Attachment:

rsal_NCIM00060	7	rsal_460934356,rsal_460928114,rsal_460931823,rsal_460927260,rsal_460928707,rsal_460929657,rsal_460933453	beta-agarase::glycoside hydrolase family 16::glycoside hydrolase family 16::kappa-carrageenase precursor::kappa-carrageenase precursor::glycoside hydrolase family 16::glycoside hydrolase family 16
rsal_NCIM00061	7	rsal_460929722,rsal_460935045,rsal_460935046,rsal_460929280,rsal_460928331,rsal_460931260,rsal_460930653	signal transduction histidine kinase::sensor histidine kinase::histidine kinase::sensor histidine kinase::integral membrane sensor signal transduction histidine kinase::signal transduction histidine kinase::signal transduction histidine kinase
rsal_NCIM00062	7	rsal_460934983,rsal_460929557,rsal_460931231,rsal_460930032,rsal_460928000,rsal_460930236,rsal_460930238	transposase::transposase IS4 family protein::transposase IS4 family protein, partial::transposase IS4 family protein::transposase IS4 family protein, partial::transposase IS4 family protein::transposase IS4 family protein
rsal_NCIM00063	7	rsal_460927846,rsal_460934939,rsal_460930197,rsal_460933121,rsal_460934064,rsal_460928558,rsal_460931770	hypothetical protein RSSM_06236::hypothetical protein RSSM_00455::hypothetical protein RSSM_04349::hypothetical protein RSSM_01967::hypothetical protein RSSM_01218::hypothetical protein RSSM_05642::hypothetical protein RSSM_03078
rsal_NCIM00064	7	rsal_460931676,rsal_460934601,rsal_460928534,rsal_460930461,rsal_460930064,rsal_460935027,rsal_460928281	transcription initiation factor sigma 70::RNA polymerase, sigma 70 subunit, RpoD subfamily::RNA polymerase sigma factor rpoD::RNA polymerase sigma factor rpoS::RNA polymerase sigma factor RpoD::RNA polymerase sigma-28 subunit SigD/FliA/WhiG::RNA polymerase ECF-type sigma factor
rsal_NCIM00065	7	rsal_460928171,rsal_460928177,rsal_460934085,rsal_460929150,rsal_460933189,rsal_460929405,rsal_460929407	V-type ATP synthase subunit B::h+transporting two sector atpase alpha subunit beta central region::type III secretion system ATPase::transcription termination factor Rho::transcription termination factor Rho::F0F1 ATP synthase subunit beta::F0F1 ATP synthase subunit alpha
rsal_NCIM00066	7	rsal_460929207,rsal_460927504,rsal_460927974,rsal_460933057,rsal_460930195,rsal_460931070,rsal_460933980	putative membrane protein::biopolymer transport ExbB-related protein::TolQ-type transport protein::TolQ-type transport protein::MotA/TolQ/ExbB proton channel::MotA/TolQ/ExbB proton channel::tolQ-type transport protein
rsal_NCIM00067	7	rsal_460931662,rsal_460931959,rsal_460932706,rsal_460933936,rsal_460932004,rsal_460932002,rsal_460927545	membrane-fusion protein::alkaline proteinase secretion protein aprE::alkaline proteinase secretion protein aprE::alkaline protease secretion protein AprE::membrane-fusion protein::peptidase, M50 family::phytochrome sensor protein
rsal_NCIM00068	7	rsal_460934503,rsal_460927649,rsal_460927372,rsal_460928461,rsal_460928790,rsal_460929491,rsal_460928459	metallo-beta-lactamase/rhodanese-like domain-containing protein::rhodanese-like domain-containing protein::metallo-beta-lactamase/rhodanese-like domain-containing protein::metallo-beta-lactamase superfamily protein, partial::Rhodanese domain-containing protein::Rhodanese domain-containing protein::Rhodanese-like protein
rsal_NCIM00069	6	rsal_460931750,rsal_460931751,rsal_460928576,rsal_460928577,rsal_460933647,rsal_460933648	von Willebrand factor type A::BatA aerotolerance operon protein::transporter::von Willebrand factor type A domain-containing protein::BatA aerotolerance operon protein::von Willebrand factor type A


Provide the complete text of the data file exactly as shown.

rsal_NCIM00060	7	rsal_460934356,rsal_460928114,rsal_460931823,rsal_460927260,rsal_460928707,rsal_460929657,rsal_460933453	beta-agarase::glycoside hydrolase family 16::glycoside hydrolase family 16::kappa-carrageenase precursor::kappa-carrageenase precursor::glycoside hydrolase family 16::glycoside hydrolase family 16
rsal_NCIM00061	7	rsal_460929722,rsal_460935045,rsal_460935046,rsal_460929280,rsal_460928331,rsal_460931260,rsal_460930653	signal transduction histidine kinase::sensor histidine kinase::histidine kinase::sensor histidine kinase::integral membrane sensor signal transduction histidine kinase::signal transduction histidine kinase::signal transduction histidine kinase
rsal_NCIM00062	7	rsal_460934983,rsal_460929557,rsal_460931231,rsal_460930032,rsal_460928000,rsal_460930236,rsal_460930238	transposase::transposase IS4 family protein::transposase IS4 family protein, partial::transposase IS4 family protein::transposase IS4 family protein, partial::transposase IS4 family protein::transposase IS4 family protein
rsal_NCIM00063	7	rsal_460927846,rsal_460934939,rsal_460930197,rsal_460933121,rsal_460934064,rsal_460928558,rsal_460931770	hypothetical protein RSSM_06236::hypothetical protein RSSM_00455::hypothetical protein RSSM_04349::hypothetical protein RSSM_01967::hypothetical protein RSSM_01218::hypothetical protein RSSM_05642::hypothetical protein RSSM_03078
rsal_NCIM00064	7	rsal_460931676,rsal_460934601,rsal_460928534,rsal_460930461,rsal_460930064,rsal_460935027,rsal_460928281	transcription initiation factor sigma 70::RNA polymerase, sigma 70 subunit, RpoD subfamily::RNA polymerase sigma factor rpoD::RNA polymerase sigma factor rpoS::RNA polymerase sigma factor RpoD::RNA polymerase sigma-28 subunit SigD/FliA/WhiG::RNA polymerase ECF-type sigma factor
rsal_NCIM00065	7	rsal_460928171,rsal_460928177,rsal_460934085,rsal_460929150,rsal_460933189,rsal_460929405,rsal_460929407	V-type ATP synthase subunit B::h+transporting two sector atpase alpha subunit beta central region::type III secretion system ATPase::transcription termination factor Rho::transcription termination factor Rho::F0F1 ATP synthase subunit beta::F0F1 ATP synthase subunit alpha
rsal_NCIM00066	7	rsal_460929207,rsal_460927504,rsal_460927974,rsal_460933057,rsal_460930195,rsal_460931070,rsal_460933980	putative membrane protein::biopolymer transport ExbB-related protein::TolQ-type transport protein::TolQ-type transport protein::MotA/TolQ/ExbB proton channel::MotA/TolQ/ExbB proton channel::tolQ-type transport protein
rsal_NCIM00067	7	rsal_460931662,rsal_460931959,rsal_460932706,rsal_460933936,rsal_460932004,rsal_460932002,rsal_460927545	membrane-fusion protein::alkaline proteinase secretion protein aprE::alkaline proteinase secretion protein aprE::alkaline protease secretion protein AprE::membrane-fusion protein::peptidase, M50 family::phytochrome sensor protein
rsal_NCIM00068	7	rsal_460934503,rsal_460927649,rsal_460927372,rsal_460928461,rsal_460928790,rsal_460929491,rsal_460928459	metallo-beta-lactamase/rhodanese-like domain-containing protein::rhodanese-like domain-containing protein::metallo-beta-lactamase/rhodanese-like domain-containing protein::metallo-beta-lactamase superfamily protein, partial::Rhodanese domain-containing protein::Rhodanese domain-containing protein::Rhodanese-like protein
rsal_NCIM00069	6	rsal_460931750,rsal_460931751,rsal_460928576,rsal_460928577,rsal_460933647,rsal_460933648	von Willebrand factor type A::BatA aerotolerance operon protein::transporter::von Willebrand factor type A domain-containing protein::BatA aerotolerance operon protein::von Willebrand factor type A